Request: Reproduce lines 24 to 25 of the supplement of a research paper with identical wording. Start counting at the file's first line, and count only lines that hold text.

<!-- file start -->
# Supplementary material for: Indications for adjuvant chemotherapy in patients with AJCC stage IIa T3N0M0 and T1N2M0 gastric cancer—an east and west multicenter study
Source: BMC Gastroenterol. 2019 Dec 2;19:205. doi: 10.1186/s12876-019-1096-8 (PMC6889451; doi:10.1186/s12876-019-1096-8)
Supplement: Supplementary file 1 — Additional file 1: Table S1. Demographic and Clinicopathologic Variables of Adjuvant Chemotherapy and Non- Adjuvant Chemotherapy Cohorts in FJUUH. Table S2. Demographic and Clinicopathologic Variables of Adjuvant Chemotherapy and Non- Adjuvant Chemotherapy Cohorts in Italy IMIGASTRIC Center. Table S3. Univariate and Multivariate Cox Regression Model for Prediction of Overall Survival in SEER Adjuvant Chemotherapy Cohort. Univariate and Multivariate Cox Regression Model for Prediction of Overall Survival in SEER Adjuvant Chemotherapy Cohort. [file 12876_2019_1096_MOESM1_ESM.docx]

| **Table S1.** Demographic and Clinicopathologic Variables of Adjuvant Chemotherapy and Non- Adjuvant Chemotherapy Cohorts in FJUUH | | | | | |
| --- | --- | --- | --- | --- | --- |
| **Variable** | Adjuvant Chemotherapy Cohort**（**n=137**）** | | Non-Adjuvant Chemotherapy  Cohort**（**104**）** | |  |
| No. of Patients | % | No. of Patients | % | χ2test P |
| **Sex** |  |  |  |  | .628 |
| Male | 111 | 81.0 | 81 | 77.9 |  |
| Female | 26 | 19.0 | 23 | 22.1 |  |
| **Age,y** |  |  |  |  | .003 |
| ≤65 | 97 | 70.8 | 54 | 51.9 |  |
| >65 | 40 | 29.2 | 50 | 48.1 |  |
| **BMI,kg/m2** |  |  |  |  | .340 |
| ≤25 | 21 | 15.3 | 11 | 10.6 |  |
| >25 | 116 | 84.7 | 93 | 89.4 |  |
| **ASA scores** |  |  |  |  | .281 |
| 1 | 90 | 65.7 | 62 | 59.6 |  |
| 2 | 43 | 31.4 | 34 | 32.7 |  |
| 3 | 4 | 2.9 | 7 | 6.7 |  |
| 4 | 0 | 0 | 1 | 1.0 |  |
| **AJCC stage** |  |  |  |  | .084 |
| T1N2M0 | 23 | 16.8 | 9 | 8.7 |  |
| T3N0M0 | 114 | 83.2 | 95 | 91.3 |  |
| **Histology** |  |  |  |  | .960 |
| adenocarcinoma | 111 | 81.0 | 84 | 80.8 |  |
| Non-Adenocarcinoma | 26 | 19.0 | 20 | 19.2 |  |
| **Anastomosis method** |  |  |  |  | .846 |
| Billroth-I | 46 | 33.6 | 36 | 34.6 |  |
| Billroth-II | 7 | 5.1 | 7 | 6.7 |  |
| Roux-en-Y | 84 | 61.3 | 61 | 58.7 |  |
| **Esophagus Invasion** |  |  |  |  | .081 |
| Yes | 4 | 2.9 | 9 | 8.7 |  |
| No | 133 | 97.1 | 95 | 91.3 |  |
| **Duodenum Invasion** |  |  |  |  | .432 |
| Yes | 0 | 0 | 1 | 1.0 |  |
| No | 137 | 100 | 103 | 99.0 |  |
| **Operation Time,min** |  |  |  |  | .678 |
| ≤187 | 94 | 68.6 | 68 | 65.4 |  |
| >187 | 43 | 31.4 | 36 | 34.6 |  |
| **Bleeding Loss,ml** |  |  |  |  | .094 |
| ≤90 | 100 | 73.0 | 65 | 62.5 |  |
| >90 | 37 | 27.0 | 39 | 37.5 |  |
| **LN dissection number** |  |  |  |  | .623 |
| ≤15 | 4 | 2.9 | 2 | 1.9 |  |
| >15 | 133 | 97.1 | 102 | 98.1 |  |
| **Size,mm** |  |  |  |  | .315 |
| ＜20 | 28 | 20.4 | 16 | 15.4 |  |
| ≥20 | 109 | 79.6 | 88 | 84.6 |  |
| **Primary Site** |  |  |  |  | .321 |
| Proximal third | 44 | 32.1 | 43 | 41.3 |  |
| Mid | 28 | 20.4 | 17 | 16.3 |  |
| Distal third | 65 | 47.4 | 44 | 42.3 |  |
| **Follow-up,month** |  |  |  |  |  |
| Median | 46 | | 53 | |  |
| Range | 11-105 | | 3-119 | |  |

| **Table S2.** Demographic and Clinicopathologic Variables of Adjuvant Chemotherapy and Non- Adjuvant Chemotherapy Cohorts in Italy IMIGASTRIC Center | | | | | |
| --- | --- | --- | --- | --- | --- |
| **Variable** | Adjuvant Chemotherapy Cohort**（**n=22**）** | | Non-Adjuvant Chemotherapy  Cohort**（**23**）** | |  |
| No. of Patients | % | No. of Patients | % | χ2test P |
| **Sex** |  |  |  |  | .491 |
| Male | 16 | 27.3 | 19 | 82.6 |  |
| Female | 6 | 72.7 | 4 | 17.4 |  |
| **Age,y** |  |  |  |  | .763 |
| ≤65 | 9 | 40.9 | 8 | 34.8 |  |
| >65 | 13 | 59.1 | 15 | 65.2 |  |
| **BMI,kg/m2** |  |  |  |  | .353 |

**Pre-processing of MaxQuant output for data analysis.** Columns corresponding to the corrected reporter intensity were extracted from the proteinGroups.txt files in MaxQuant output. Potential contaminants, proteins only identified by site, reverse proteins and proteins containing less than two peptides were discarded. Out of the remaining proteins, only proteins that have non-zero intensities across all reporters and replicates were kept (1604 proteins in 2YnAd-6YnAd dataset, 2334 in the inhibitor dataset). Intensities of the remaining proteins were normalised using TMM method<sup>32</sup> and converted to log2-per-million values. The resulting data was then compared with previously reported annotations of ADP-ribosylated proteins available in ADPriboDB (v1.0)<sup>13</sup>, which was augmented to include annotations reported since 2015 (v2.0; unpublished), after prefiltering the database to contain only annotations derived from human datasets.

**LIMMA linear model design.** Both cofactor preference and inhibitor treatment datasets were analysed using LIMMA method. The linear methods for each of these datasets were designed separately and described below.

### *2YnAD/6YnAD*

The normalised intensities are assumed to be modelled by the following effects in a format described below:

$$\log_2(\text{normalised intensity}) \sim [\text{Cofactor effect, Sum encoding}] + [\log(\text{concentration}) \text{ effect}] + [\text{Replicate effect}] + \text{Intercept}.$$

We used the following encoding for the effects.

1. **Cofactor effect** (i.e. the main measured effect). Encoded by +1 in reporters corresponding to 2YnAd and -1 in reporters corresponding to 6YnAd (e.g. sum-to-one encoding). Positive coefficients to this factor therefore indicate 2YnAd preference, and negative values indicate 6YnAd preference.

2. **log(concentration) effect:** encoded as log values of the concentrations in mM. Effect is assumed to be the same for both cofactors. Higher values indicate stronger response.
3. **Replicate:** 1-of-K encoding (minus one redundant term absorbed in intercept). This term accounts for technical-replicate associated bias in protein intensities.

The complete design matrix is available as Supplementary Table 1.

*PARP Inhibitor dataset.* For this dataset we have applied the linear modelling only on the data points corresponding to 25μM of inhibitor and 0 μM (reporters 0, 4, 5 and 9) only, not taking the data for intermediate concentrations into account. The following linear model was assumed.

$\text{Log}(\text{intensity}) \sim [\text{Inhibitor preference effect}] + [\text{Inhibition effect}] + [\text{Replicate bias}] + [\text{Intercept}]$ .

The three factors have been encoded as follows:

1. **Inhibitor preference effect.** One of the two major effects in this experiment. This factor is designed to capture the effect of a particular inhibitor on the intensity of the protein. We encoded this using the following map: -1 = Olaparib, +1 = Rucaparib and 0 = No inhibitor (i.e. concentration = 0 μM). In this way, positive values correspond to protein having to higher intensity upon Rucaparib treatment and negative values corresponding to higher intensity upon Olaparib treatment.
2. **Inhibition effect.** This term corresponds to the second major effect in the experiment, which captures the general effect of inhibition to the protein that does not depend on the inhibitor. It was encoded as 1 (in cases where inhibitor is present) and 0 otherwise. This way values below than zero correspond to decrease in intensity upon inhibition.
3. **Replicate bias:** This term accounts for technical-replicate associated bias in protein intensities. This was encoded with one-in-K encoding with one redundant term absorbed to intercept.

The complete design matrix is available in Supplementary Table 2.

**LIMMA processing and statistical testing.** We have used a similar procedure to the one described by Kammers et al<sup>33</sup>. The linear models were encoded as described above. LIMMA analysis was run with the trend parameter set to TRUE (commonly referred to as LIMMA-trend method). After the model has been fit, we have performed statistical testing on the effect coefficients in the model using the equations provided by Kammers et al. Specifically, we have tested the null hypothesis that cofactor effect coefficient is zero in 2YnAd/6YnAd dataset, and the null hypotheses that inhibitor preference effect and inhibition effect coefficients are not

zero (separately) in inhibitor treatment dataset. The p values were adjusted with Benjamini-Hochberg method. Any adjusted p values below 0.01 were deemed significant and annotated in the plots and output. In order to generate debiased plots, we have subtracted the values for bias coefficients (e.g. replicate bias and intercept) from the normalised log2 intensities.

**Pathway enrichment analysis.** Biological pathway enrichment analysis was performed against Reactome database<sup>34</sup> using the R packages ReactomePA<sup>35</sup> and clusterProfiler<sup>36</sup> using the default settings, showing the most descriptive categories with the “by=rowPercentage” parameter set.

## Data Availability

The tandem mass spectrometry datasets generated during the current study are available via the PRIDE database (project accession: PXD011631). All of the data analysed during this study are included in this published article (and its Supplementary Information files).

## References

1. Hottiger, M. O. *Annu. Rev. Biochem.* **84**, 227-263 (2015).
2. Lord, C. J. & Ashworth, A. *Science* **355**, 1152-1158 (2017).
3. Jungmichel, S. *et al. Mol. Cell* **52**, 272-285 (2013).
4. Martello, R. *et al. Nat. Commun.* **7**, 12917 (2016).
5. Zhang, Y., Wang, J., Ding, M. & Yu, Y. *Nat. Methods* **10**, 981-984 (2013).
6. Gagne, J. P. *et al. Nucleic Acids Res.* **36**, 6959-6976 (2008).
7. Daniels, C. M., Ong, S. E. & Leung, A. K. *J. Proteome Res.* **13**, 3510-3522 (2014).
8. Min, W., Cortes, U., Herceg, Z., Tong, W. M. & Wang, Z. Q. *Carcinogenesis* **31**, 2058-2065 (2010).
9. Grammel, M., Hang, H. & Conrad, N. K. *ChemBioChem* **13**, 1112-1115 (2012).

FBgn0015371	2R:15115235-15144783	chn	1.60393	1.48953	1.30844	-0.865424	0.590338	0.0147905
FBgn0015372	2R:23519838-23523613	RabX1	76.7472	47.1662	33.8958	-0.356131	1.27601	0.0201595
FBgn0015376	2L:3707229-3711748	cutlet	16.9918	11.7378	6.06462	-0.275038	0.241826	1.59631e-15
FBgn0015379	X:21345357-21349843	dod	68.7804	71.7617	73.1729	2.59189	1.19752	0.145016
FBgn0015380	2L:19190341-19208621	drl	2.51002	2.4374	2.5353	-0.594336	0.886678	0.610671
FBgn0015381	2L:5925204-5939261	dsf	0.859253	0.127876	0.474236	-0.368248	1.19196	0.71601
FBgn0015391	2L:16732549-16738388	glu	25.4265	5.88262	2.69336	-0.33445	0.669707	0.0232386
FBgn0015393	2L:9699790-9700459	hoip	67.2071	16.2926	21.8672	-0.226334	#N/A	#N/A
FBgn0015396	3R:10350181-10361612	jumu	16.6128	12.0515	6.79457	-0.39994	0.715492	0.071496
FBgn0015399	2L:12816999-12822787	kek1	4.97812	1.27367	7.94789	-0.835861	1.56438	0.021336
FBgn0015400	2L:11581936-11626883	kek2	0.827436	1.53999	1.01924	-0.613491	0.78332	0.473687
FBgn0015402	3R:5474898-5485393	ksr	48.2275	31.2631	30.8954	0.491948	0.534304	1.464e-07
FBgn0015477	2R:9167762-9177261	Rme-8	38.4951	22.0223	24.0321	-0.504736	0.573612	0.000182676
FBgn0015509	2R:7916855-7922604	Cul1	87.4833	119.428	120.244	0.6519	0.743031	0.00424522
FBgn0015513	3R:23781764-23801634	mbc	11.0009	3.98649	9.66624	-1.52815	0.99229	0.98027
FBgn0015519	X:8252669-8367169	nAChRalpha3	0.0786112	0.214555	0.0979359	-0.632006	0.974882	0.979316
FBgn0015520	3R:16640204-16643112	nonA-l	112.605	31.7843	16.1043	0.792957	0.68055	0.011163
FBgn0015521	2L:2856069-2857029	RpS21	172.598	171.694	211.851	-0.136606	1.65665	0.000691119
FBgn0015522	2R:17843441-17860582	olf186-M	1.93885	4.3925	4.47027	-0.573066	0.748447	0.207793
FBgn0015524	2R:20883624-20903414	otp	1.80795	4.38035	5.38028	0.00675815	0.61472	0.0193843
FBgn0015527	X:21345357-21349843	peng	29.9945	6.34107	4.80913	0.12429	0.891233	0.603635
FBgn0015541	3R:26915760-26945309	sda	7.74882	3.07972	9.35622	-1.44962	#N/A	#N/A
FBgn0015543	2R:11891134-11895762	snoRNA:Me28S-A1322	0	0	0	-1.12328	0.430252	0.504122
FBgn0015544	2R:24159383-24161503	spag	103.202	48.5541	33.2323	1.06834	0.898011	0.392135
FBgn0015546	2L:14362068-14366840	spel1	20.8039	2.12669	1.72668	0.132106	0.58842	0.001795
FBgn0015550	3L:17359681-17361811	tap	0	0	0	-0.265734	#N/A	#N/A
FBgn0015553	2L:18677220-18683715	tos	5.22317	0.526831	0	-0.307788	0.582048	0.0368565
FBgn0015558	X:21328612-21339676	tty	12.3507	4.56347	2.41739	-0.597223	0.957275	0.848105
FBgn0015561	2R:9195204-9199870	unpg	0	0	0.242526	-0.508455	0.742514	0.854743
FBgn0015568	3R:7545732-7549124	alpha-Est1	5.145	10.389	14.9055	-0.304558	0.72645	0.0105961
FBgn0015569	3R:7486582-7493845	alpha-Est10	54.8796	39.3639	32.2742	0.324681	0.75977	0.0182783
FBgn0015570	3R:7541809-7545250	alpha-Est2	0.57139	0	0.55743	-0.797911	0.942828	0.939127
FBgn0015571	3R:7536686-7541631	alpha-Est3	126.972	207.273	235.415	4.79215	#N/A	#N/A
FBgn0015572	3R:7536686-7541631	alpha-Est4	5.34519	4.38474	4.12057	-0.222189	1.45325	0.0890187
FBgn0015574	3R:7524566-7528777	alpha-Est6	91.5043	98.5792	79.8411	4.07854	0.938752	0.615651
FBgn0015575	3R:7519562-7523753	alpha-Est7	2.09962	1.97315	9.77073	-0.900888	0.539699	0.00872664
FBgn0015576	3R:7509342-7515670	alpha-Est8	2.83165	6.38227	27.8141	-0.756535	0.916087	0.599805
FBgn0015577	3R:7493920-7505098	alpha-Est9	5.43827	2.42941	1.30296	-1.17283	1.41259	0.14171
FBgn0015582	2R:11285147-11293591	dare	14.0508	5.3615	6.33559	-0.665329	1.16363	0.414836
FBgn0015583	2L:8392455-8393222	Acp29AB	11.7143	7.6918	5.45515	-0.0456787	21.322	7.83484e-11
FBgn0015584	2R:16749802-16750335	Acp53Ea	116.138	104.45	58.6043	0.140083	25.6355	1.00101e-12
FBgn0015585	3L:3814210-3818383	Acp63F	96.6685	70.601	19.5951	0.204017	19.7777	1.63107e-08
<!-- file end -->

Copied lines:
| T3N0M0 | 114 | 83.2 | 95 | 91.3 |  |
| **Histology** |  |  |  |  | .960 |